Summer is just a few weeks away, and you know what that means–higher temperatures, school is out, backyard barbecues, lazy afternoons at the pool–and higher gasoline prices!
It’s no secret that summer brings more weekend trips and vacations to distant locations and making it the traditional peak season for driving. Gas prices rise as summer approaches, topping out (usually) on or about Fourth of July weekend. According to projections, this summer figures to be a textbook case with prices rising well above $4.00 a gallon.
There are no miraculous ways to save big money on gasoline, short of buying a brand new, fuel efficient compact. But by taking a series of steps–each saving you a little bit of money–it can really begin to add up and put a serious dent in how much you spend to keep your car running this summer.
1. Do what you can to avoid traffic jams
Sitting in traffic burns gas to no advantage. It’s easier said than done, but the more you can avoid idling in traffic the less you’ll spend on gas.
Summertime traffic often eases due to a combination of vacation time (fewer people driving to work on any given day) and school being out. That can open some commuting options. Try mapping alternate routes around known traffic tie-ups or, if you can, see if you can set up a flex-time arrangement that will allow you leave for work well before or after peak commuting times.
2. Toss some extra cargo
Most of us carry extra baggage in our cars–usually in the trunk–and the extra weight can cost us in gas mileage. An over-loaded tool box by itself can weigh as much as an adult and have a significant effect on fuel efficiency.
Keep only what you absolutely need to carry in the car and move the rest into the garage.
3. You don’t need to warm up your car in the summer
This is just a habit we carry over from winter, but it’s usually totally unnecessary during the warm weather months. A car idling in the driveway is wasting just as much fuel as one stuck in a traffic jam.
4. Ease up on the gas peddle
Multiple studies have confirmed that cars burn more fuel at higher speeds, so it’s worth trying to slow down by 5-10 miles per hour. This is particularly true with highway driving, where speeds are often in excess of the optimum fuel efficiency achieved at 55 miles per hour.
In addition to slowing down overall, fuel economy is also improved when you drive at consistent speeds as repeated acceleration and deceleration also consume more fuel.
5. Consolidate your trips
The most basic way to save on gas is to drive less, and one of the easiest ways to do this is by consolidating several destinations into a single trip. While you’re running to the grocery store, plan to go to the post office, the bank or the dry cleaner, especially if they’re all located in roughly the same area. Stopping on the way to or from work can be even more efficient.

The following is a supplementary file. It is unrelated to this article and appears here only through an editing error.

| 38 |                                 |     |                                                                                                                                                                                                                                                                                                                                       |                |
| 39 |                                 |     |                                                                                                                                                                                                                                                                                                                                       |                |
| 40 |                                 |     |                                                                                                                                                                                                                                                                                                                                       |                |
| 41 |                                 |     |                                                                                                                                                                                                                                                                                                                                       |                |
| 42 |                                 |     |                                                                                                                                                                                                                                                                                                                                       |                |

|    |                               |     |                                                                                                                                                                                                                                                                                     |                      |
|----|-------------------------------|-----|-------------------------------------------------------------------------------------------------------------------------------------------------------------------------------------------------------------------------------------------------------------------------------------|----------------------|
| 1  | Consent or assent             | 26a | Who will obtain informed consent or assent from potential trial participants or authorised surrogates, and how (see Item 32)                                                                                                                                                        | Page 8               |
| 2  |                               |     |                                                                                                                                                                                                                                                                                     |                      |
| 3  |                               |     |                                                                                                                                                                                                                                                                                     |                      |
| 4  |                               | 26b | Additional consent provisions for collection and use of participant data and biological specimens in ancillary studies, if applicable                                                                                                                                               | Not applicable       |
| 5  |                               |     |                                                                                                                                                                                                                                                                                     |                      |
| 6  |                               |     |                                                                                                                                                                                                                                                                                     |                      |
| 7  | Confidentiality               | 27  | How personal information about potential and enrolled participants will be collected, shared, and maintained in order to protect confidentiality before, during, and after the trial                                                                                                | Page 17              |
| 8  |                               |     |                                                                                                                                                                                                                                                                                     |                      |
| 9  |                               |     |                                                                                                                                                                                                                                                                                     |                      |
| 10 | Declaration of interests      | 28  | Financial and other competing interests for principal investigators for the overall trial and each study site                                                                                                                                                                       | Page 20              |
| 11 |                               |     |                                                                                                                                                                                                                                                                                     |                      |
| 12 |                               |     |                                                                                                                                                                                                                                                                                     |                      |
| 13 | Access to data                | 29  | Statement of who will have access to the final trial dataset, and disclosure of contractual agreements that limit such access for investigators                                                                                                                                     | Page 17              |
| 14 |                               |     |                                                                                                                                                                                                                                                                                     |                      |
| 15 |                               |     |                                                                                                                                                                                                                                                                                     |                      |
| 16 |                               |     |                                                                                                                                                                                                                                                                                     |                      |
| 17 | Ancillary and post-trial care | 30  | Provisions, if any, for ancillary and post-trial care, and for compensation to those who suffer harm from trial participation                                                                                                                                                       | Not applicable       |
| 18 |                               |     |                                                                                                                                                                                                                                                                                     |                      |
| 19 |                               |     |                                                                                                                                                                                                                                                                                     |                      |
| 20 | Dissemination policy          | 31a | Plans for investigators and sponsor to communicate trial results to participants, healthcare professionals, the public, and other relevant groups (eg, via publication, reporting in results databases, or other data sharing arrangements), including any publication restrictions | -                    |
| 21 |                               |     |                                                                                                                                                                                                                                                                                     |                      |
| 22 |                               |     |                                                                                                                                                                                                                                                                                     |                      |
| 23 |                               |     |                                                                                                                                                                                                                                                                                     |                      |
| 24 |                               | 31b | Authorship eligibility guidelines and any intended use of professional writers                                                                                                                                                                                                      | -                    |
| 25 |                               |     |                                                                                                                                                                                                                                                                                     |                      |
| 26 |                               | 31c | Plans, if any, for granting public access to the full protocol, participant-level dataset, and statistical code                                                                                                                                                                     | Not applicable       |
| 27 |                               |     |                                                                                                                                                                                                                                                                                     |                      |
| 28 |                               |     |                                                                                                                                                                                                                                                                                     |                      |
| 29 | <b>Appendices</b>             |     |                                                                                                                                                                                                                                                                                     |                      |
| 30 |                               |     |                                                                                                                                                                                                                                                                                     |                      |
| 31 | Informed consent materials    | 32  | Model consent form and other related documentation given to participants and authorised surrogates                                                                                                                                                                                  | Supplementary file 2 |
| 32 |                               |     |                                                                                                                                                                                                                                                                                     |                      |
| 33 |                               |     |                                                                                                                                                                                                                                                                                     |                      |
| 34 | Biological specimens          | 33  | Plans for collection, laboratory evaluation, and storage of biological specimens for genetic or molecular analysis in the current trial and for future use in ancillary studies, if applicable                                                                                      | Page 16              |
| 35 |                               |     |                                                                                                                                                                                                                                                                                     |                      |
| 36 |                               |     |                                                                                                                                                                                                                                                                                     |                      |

6. Learn the joys of walking and biking
Another way to cut down on driving is by eliminating short trips. Though it may take longer to walk or bike to the bank or a coffee shop, in addition to saving money on gas, you’ll also gain the health benefits that come with more exercise.
Develop a tiered strategy where you’ll walk or bike to any place you need to go that’s within, say, one mile of your home, or what ever distance works for you.
7. Turn off your air conditioning–sometimes
Air conditioning can develop into one of those reflexive habits we take on in warm weather–it’s summertime, therefore the car air conditioner is on. We might not even think about it, but using it constantly reduces fuel efficiency.
Take advantage of night time driving and those not so hot days when an open window can do just as good as having the air conditioner on. And if you’re like me at all, driving with the windows open just feels better!
8. Carpool at least one day a week
Admittedly this is one of the hardest driving changes to make, but it’s also one of the richest sources of savings. If you could carpool at least one day a week you would reduce your consumption of gasoline for commuting purposes by 20%. That’s a big chunk with just a single adjustment.
9. Gas up at a warehouse club
Food warehouse clubs usually offer gas to their members at below the going rate. As a member of Sam’s Club, I generally find that it costs 7 to 10 cents per gallon less than even the cheapest gas stations in town. If you buy 50 gallons of gas per month, that can add up to as much as $5 saved each month. You’re there to buy your groceries anyway, so while you are stop and fill up the gas tank.
10. Take advantage of gas credit cards benefits
This is the most complicated adjustment if only because there’s such a great variation in offers between the many gas retailers and credit card companies. Some will discount your gas purchases by a certain percentage, others by a fixed amount, like five cents a gallon. Most have minimum and maximum monthly purchase amounts to limit how much they’ll rebate you for gas. Shell has an arrangement with Kroger so you can get benefit from your grocery purchases toward your gas.
Credit cards with rebate programs on all purchases may be the simpler route. You don’t have to buy a certain amount of gas each month, nor do you have to limit your purchases to a single gas retailer.
Summer is coming, and with it so are higher gas prices; what are you doing to save some money?